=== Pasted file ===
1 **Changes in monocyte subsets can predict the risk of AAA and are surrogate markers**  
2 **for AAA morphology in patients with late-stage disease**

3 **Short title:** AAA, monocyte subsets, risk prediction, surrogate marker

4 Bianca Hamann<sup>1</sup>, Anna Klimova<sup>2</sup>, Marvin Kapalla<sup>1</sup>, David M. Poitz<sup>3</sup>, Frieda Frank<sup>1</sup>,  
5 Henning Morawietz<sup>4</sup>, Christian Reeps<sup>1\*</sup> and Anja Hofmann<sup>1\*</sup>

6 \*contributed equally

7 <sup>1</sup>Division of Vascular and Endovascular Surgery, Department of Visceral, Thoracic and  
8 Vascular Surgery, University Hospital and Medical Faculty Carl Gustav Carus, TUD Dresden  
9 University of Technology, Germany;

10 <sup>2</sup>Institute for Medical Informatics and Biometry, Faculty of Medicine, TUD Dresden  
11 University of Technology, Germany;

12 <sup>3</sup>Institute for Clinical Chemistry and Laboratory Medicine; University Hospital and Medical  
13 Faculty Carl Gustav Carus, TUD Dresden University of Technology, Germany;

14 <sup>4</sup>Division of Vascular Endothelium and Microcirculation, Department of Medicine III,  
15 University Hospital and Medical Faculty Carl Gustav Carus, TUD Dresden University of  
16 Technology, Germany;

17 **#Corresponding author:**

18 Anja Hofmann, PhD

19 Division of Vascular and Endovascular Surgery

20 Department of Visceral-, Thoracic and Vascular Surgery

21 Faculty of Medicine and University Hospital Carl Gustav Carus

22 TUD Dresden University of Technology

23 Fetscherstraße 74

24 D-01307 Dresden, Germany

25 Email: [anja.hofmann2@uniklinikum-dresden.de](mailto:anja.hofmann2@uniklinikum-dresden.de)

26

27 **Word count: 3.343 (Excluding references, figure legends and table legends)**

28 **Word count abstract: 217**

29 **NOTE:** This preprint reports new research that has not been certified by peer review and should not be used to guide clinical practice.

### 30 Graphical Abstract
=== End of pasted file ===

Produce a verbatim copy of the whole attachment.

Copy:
1 **Changes in monocyte subsets can predict the risk of AAA and are surrogate markers**  
2 **for AAA morphology in patients with late-stage disease**

3 **Short title:** AAA, monocyte subsets, risk prediction, surrogate marker

4 Bianca Hamann<sup>1</sup>, Anna Klimova<sup>2</sup>, Marvin Kapalla<sup>1</sup>, David M. Poitz<sup>3</sup>, Frieda Frank<sup>1</sup>,  
5 Henning Morawietz<sup>4</sup>, Christian Reeps<sup>1\*</sup> and Anja Hofmann<sup>1\*</sup>

6 \*contributed equally

7 <sup>1</sup>Division of Vascular and Endovascular Surgery, Department of Visceral, Thoracic and  
8 Vascular Surgery, University Hospital and Medical Faculty Carl Gustav Carus, TUD Dresden  
9 University of Technology, Germany;

10 <sup>2</sup>Institute for Medical Informatics and Biometry, Faculty of Medicine, TUD Dresden  
11 University of Technology, Germany;

12 <sup>3</sup>Institute for Clinical Chemistry and Laboratory Medicine; University Hospital and Medical  
13 Faculty Carl Gustav Carus, TUD Dresden University of Technology, Germany;

14 <sup>4</sup>Division of Vascular Endothelium and Microcirculation, Department of Medicine III,  
15 University Hospital and Medical Faculty Carl Gustav Carus, TUD Dresden University of  
16 Technology, Germany;

17 **#Corresponding author:**

18 Anja Hofmann, PhD

19 Division of Vascular and Endovascular Surgery

20 Department of Visceral-, Thoracic and Vascular Surgery

21 Faculty of Medicine and University Hospital Carl Gustav Carus

22 TUD Dresden University of Technology

23 Fetscherstraße 74

24 D-01307 Dresden, Germany

25 Email: [anja.hofmann2@uniklinikum-dresden.de](mailto:anja.hofmann2@uniklinikum-dresden.de)

26

27 **Word count: 3.343 (Excluding references, figure legends and table legends)**

28 **Word count abstract: 217**

29 **NOTE:** This preprint reports new research that has not been certified by peer review and should not be used to guide clinical practice.

### 30 Graphical Abstract